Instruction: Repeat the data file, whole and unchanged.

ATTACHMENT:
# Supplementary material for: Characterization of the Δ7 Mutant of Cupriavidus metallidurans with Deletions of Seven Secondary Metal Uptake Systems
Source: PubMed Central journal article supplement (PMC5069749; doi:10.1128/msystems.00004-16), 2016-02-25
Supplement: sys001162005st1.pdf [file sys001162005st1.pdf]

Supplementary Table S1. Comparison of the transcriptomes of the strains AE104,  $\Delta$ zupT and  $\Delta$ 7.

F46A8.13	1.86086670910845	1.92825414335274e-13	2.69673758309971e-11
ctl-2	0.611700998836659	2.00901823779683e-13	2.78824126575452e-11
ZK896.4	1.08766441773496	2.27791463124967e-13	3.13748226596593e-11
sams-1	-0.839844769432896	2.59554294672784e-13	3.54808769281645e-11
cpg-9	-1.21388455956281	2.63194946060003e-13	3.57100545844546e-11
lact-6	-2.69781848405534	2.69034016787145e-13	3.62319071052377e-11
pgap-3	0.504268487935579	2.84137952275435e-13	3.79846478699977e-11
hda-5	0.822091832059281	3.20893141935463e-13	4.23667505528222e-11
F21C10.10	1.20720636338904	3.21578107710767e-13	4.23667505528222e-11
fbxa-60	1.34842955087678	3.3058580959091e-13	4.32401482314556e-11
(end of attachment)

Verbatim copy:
# Supplementary material for: Characterization of the Δ7 Mutant of Cupriavidus metallidurans with Deletions of Seven Secondary Metal Uptake Systems
Source: PubMed Central journal article supplement (PMC5069749; doi:10.1128/msystems.00004-16), 2016-02-25
Supplement: sys001162005st1.pdf [file sys001162005st1.pdf]

Supplementary Table S1. Comparison of the transcriptomes of the strains AE104,  $\Delta$ zupT and  $\Delta$ 7.

F46A8.13	1.86086670910845	1.92825414335274e-13	2.69673758309971e-11
ctl-2	0.611700998836659	2.00901823779683e-13	2.78824126575452e-11
ZK896.4	1.08766441773496	2.27791463124967e-13	3.13748226596593e-11
sams-1	-0.839844769432896	2.59554294672784e-13	3.54808769281645e-11
cpg-9	-1.21388455956281	2.63194946060003e-13	3.57100545844546e-11
lact-6	-2.69781848405534	2.69034016787145e-13	3.62319071052377e-11
pgap-3	0.504268487935579	2.84137952275435e-13	3.79846478699977e-11
hda-5	0.822091832059281	3.20893141935463e-13	4.23667505528222e-11
F21C10.10	1.20720636338904	3.21578107710767e-13	4.23667505528222e-11
fbxa-60	1.34842955087678	3.3058580959091e-13	4.32401482314556e-11